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J Am Soc Mass Spectrom. 2012 Feb;23(2):282-9. doi: 10.1007/s13361-011-0291-9. Epub 2011 Nov 12.

Solution versus gas-phase modification of peptide cations with NHS-ester reagents.

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Department of Chemistry, Purdue University, West Lafayette, IN 47907-2084, USA.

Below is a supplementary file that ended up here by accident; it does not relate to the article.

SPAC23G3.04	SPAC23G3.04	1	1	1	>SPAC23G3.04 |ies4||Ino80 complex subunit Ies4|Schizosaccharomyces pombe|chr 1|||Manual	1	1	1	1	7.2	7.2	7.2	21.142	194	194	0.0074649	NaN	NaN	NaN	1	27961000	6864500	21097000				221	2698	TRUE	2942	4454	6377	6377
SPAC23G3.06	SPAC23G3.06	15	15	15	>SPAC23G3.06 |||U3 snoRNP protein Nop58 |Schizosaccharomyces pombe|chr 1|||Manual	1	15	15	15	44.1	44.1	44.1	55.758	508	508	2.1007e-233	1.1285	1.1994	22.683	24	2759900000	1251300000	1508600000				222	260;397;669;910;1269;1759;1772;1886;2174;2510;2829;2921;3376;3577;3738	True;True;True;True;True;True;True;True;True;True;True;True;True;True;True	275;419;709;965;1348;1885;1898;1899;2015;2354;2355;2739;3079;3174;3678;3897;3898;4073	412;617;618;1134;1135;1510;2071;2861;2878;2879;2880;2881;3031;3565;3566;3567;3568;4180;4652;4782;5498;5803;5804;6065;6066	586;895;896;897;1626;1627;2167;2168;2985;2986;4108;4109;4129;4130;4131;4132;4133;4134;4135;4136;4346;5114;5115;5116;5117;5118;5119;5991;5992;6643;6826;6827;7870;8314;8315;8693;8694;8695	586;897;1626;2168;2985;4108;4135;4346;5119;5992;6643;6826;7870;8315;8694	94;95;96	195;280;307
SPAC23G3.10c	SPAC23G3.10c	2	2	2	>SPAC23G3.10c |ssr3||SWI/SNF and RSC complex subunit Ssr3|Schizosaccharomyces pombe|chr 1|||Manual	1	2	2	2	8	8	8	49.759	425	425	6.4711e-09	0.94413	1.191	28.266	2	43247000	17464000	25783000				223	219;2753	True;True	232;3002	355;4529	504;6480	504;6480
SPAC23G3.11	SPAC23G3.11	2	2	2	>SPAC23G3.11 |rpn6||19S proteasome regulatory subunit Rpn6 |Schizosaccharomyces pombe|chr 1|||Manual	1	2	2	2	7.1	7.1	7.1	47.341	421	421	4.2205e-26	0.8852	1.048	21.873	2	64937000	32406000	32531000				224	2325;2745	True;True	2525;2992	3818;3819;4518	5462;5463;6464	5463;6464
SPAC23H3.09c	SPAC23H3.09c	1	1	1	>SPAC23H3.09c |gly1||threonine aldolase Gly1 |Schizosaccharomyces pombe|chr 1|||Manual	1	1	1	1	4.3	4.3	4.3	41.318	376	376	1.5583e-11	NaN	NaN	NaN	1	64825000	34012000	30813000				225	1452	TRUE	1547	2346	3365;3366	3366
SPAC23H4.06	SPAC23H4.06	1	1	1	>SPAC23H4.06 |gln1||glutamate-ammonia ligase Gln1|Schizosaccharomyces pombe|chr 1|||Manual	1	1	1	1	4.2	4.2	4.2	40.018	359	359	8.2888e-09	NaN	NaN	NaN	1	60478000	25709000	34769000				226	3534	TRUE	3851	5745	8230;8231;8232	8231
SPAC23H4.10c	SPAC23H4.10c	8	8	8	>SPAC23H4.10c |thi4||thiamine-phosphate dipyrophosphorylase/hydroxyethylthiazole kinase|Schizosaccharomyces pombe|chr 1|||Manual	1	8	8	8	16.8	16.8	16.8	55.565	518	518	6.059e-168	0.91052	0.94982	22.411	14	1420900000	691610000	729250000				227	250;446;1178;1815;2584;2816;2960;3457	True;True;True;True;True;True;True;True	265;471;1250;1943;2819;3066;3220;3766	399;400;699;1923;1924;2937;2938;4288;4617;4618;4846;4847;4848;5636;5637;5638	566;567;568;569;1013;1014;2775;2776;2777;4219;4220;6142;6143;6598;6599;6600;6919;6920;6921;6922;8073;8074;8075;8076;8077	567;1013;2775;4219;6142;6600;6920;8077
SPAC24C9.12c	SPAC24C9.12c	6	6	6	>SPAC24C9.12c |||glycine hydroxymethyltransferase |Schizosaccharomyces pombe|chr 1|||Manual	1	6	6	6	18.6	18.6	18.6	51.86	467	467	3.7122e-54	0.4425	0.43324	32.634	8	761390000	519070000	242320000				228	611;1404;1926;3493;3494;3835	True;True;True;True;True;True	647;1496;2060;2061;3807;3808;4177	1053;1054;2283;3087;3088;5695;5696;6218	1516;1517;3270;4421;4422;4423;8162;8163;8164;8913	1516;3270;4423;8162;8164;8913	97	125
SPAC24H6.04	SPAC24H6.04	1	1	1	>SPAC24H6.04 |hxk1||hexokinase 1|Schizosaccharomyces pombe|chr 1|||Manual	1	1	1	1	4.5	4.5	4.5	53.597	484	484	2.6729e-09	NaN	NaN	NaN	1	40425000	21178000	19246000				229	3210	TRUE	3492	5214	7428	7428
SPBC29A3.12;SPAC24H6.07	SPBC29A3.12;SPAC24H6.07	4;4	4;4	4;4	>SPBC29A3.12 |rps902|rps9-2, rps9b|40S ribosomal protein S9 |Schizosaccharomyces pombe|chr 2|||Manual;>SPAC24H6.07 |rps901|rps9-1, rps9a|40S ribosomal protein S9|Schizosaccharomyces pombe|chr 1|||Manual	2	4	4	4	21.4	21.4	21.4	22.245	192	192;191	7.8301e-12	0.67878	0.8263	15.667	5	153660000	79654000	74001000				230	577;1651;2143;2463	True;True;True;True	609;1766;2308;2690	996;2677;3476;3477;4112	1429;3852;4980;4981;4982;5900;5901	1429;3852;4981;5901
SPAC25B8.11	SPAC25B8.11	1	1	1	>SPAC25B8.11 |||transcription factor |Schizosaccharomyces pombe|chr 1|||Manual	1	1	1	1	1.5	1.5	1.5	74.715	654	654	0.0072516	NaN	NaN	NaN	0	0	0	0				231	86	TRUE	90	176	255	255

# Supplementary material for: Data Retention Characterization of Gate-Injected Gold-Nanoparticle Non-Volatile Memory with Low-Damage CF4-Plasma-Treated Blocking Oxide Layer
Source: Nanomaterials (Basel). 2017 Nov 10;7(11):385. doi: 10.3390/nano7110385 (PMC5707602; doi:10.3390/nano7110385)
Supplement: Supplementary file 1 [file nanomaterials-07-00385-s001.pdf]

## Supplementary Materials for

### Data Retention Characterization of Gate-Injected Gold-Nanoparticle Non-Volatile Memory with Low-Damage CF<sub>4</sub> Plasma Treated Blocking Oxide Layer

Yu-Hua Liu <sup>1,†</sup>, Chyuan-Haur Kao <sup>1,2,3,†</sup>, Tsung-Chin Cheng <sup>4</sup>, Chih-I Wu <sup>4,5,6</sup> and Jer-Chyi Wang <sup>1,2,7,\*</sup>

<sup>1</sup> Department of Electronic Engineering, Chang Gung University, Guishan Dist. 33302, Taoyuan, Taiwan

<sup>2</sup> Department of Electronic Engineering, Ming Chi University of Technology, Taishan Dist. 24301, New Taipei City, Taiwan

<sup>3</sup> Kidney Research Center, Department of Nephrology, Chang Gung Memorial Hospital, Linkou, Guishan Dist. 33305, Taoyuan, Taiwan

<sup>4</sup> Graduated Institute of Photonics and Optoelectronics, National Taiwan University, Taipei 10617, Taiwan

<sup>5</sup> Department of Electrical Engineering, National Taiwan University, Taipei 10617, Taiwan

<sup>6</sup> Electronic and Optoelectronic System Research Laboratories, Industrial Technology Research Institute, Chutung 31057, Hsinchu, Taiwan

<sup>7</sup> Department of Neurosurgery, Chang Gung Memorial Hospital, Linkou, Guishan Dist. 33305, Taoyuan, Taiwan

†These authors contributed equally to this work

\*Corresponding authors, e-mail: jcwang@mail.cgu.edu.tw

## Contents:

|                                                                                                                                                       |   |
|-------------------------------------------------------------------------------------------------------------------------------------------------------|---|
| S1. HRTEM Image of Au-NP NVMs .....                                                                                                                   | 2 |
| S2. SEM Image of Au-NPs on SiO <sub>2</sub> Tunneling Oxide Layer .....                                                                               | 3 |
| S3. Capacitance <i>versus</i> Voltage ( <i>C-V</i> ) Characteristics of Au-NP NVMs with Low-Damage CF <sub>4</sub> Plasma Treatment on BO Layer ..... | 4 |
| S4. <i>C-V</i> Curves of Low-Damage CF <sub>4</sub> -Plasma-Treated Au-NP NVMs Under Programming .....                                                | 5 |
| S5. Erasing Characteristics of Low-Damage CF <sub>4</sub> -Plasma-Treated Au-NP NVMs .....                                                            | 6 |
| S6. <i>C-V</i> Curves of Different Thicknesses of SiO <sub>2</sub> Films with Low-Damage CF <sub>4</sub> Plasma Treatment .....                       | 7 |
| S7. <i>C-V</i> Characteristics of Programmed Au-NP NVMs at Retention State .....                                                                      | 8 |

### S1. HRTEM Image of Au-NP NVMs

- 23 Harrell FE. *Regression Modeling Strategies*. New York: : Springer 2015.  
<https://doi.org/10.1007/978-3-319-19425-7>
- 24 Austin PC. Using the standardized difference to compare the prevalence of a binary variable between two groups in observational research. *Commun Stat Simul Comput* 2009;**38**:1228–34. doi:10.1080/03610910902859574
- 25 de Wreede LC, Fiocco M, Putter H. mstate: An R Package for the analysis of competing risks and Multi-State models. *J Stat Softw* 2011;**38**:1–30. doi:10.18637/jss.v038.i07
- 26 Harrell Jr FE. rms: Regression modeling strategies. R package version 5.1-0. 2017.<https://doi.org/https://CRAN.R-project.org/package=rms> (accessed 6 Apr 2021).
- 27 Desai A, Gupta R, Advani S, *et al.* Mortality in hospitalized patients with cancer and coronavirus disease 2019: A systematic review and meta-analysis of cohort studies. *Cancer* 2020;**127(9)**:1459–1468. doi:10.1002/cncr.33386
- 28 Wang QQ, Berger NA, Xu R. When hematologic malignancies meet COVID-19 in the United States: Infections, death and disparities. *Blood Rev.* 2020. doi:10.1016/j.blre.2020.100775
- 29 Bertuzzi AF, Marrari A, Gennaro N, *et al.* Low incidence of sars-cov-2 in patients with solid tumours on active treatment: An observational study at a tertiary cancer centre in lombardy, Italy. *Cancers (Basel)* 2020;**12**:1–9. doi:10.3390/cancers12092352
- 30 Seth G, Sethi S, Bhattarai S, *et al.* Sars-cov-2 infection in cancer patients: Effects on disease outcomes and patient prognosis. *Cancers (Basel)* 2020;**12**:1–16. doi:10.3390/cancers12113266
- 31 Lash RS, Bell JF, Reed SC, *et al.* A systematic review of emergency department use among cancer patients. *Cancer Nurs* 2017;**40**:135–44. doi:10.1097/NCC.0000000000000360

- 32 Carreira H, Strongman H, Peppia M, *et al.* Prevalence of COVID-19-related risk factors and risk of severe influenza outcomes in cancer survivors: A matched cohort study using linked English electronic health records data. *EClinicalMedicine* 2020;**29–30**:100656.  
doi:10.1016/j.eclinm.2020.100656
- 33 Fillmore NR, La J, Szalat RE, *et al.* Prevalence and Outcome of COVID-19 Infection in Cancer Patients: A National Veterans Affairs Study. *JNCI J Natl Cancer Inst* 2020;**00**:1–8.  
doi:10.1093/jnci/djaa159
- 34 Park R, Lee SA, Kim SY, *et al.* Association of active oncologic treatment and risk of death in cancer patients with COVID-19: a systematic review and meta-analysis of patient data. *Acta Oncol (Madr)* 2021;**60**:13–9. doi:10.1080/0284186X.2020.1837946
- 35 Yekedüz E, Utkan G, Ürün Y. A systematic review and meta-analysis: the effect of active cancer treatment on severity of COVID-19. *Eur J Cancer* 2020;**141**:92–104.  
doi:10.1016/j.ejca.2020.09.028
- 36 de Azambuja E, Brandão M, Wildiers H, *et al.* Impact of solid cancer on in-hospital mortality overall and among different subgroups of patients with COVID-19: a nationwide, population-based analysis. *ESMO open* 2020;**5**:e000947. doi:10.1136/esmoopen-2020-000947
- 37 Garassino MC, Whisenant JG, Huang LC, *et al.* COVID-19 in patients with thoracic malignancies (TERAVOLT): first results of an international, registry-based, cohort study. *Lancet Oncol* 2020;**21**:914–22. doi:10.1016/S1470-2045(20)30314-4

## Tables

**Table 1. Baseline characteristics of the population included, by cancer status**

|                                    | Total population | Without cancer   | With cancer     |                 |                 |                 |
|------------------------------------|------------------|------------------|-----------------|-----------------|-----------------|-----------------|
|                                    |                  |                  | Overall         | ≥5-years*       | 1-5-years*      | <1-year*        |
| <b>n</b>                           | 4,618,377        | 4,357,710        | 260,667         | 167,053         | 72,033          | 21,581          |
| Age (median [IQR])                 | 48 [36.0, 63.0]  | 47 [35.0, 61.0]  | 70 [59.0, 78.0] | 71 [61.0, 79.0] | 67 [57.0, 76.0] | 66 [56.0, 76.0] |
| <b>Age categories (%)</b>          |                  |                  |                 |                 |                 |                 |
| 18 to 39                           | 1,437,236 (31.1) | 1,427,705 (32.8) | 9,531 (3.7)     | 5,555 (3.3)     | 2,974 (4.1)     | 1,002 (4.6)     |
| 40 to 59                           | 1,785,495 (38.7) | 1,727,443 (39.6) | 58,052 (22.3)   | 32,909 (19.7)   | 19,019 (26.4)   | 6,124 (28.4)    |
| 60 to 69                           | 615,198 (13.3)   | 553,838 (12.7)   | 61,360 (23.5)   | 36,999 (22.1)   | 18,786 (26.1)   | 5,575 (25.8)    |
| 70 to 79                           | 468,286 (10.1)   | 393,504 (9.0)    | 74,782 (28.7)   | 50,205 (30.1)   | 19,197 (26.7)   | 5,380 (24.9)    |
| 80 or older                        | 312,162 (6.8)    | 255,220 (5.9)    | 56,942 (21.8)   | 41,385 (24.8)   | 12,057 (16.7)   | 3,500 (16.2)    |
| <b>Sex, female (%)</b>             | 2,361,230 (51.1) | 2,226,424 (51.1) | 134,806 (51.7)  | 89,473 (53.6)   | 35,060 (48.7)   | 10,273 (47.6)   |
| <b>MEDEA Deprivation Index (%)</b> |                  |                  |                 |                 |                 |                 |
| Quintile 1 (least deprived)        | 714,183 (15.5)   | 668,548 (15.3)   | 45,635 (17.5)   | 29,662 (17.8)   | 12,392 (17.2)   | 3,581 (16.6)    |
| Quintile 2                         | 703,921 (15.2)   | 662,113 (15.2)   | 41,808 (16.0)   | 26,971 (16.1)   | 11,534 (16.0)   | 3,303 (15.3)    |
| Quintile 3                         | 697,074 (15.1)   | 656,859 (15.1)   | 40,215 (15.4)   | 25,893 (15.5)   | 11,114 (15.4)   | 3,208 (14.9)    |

A comparison between solution and gas phase modification of primary amine sites in model peptide cations with N-hydroxysuccinimide (NHS) ester reagents is presented. In all peptides, the site of modification in solution was directed to the N-terminus by conducting reactions at pH=5, whereas for the same peptides, a lysine residue was preferentially modified in the gas phase. The difference in pKa values of the N-terminus and ε-amino group of the lysine allows for a degree of control over sites of protonation of the peptides in aqueous solution. With removal of the dielectric and multiple charging of the peptide ions in the gas phase, the accommodation of excess charge can affect the preferred sites of reaction. Interaction of the lone pair of the primary nitrogen with a proton reduces its nucleophilicity and, as a result, its reactivity towards NHS-esters. While no evidence for reaction of the N-terminus with sulfo-NHS-acetate was noted in the model peptide cations, a charge inversion experiment using bis[sulfosuccinimidyl] suberate, a cross-linking reagent with two sulfo-NHS-ester functionalities, showed modification of the N-terminus. Hence, an unprotonated N-terminus can serve as a nucleophile to displace NHS, which suggests that its lack of reactivity with the peptide cations is likely due to the participation of the N-terminus in solvating excess charge.

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